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The Fountain reaches an Intersection

The Fountain is in the hands of an editor. Wild Rose Press has been kind enough to take a look at the novel. Their feedback was fantastic (though a tad embarrassing.) If you've read this blog at all, you know that the book started off at 138,000 words. Over time, I became convinced that that was simply too big, so I went in and cut it down to 120,000 words. That wasn't hugely difficult. A short story lurked in the middle that wasn't necessary to the overall read, so, sadly, I snipped it. That's fine. "Hal" will live a life of his own now.


Once I reached 120k, I started submitting to agents. I met with limited success, until an editor (who shall remain nameless) from Wild Rose was kind enough to read the story. Here is a snip from her email: "The story is fantastic, but the technical aspect of the writing probably needs to be improved." Now, that may sound like a painful thing to read, (it was,) but she went on to make some very cogent and kind instructions:


1. Cut the story to ~100,000 words. (Gulp.)

2. Follow some simple rules on an excellent editing sheet that she attached to the email.

3. Let her know when I was done.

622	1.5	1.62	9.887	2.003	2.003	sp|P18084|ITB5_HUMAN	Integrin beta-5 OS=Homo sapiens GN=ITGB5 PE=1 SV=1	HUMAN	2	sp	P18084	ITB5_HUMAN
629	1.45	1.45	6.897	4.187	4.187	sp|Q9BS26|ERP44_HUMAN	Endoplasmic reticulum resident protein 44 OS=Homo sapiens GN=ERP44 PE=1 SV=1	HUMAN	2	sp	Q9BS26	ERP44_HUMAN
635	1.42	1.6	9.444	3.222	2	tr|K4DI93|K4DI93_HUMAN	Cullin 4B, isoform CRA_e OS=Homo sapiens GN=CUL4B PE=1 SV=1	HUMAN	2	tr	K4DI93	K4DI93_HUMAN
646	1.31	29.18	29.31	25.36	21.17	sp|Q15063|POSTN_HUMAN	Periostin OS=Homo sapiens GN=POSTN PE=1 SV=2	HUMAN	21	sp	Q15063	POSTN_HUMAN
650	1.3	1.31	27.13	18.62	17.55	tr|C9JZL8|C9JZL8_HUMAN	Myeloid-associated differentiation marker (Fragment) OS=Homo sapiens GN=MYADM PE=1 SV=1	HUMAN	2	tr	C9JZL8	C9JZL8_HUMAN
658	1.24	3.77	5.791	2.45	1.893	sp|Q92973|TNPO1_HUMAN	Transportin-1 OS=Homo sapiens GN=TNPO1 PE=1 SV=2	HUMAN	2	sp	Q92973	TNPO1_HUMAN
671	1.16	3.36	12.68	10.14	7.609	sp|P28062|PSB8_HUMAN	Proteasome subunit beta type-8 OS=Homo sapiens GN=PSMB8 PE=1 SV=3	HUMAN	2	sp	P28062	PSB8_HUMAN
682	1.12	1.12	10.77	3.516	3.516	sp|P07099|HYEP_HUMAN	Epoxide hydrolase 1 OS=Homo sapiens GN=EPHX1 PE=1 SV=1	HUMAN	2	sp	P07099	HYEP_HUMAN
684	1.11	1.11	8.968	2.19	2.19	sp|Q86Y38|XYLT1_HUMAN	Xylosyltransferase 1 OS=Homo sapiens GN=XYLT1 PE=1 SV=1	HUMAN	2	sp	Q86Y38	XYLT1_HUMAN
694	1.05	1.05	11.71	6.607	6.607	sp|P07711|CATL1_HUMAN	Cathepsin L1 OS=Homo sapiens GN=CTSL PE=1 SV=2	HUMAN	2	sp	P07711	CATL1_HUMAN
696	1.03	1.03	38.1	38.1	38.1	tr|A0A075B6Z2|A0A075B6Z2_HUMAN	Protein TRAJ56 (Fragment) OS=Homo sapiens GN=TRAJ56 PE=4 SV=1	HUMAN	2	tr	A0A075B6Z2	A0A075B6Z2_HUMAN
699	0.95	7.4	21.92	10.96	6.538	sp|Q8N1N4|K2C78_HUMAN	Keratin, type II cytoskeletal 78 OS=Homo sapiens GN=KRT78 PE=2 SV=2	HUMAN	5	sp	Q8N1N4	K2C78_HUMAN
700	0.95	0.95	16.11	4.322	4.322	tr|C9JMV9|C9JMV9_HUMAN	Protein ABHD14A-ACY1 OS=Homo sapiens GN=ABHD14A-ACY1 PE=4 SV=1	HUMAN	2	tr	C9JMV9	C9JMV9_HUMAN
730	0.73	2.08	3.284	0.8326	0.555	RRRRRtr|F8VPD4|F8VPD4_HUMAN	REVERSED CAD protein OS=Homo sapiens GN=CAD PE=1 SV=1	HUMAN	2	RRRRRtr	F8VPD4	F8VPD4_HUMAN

With that in mind, I spent about 3 weeks refining the document and got it cut down to 91k words. The most interesting part of the experience? I had heard most of her suggestions in the past, but, for some reason, I had been resistant to take them on. They're simple things like:


1. Limit your adverbs as much as possible.

2. Get rid of junk words like "very, just, kind of."

3. Avoid conjugations of "to be" whenever possible.


(I mention the above three items because I'd been taught them in school. I don't want to spread the rest of her advice without consent.)


I'm not sure why I didn't cop to these earlier. I'd been resistant to interrupt my "flow" when writing. I suppose I'd been convinced that I was some sort of writing genius and that the rules didn't apply to me. Having said that, I went full-bore on making the changes she suggested and the story is much tighter now. The action comes on a lot faster. The reader is able to focus on what the characters are doing, rather than trying to get into the rhythm of my stream of consciousness. Now, I'm wondering why I waited so long to adapt. Funny how learning happens.